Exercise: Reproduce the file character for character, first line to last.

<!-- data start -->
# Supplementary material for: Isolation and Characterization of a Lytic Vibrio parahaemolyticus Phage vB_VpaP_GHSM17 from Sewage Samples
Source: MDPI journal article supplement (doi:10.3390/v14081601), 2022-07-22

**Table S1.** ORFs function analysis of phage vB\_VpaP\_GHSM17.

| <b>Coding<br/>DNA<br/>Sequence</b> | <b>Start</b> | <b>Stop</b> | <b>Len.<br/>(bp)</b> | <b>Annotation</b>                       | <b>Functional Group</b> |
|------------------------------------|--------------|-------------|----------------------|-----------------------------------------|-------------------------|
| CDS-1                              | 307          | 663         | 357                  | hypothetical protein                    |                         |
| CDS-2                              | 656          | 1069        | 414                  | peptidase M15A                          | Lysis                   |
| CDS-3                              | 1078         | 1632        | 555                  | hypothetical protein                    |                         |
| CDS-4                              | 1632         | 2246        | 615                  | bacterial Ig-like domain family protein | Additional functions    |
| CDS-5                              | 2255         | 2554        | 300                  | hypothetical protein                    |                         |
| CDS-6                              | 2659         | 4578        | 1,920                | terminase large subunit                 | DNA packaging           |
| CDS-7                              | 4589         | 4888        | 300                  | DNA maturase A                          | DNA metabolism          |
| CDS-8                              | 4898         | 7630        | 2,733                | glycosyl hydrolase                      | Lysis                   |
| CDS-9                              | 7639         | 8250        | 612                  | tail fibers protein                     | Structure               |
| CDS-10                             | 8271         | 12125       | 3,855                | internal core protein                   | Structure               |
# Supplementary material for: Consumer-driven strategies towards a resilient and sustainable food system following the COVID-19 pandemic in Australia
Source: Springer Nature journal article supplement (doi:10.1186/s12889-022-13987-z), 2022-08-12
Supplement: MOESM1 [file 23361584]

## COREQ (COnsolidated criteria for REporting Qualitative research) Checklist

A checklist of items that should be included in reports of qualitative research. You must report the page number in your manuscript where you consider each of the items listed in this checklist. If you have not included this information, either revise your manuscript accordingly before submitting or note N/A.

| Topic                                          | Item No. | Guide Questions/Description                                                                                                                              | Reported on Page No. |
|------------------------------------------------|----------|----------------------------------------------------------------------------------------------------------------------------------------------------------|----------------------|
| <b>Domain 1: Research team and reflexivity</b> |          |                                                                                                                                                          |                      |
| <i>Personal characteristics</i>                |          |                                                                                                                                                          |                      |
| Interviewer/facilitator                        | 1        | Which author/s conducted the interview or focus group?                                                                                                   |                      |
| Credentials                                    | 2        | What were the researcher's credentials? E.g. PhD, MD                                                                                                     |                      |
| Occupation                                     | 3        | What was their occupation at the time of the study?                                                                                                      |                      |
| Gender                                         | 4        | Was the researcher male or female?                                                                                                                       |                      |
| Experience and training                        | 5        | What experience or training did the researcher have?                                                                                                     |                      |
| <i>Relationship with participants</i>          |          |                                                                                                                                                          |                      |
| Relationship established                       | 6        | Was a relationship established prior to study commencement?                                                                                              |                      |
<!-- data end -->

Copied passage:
# Supplementary material for: Isolation and Characterization of a Lytic Vibrio parahaemolyticus Phage vB_VpaP_GHSM17 from Sewage Samples
Source: MDPI journal article supplement (doi:10.3390/v14081601), 2022-07-22

**Table S1.** ORFs function analysis of phage vB\_VpaP\_GHSM17.

| <b>Coding<br/>DNA<br/>Sequence</b> | <b>Start</b> | <b>Stop</b> | <b>Len.<br/>(bp)</b> | <b>Annotation</b>                       | <b>Functional Group</b> |
|------------------------------------|--------------|-------------|----------------------|-----------------------------------------|-------------------------|
| CDS-1                              | 307          | 663         | 357                  | hypothetical protein                    |                         |
| CDS-2                              | 656          | 1069        | 414                  | peptidase M15A                          | Lysis                   |
| CDS-3                              | 1078         | 1632        | 555                  | hypothetical protein                    |                         |
| CDS-4                              | 1632         | 2246        | 615                  | bacterial Ig-like domain family protein | Additional functions    |
| CDS-5                              | 2255         | 2554        | 300                  | hypothetical protein                    |                         |
| CDS-6                              | 2659         | 4578        | 1,920                | terminase large subunit                 | DNA packaging           |
| CDS-7                              | 4589         | 4888        | 300                  | DNA maturase A                          | DNA metabolism          |
| CDS-8                              | 4898         | 7630        | 2,733                | glycosyl hydrolase                      | Lysis                   |
| CDS-9                              | 7639         | 8250        | 612                  | tail fibers protein                     | Structure               |
| CDS-10                             | 8271         | 12125       | 3,855                | internal core protein                   | Structure               |
# Supplementary material for: Consumer-driven strategies towards a resilient and sustainable food system following the COVID-19 pandemic in Australia
Source: Springer Nature journal article supplement (doi:10.1186/s12889-022-13987-z), 2022-08-12
Supplement: MOESM1 [file 23361584]

## COREQ (COnsolidated criteria for REporting Qualitative research) Checklist

A checklist of items that should be included in reports of qualitative research. You must report the page number in your manuscript where you consider each of the items listed in this checklist. If you have not included this information, either revise your manuscript accordingly before submitting or note N/A.

| Topic                                          | Item No. | Guide Questions/Description                                                                                                                              | Reported on Page No. |
|------------------------------------------------|----------|----------------------------------------------------------------------------------------------------------------------------------------------------------|----------------------|
| <b>Domain 1: Research team and reflexivity</b> |          |                                                                                                                                                          |                      |
| <i>Personal characteristics</i>                |          |                                                                                                                                                          |                      |
| Interviewer/facilitator                        | 1        | Which author/s conducted the interview or focus group?                                                                                                   |                      |
| Credentials                                    | 2        | What were the researcher's credentials? E.g. PhD, MD                                                                                                     |                      |
| Occupation                                     | 3        | What was their occupation at the time of the study?                                                                                                      |                      |
| Gender                                         | 4        | Was the researcher male or female?                                                                                                                       |                      |
| Experience and training                        | 5        | What experience or training did the researcher have?                                                                                                     |                      |
| <i>Relationship with participants</i>          |          |                                                                                                                                                          |                      |
| Relationship established                       | 6        | Was a relationship established prior to study commencement?                                                                                              |                      |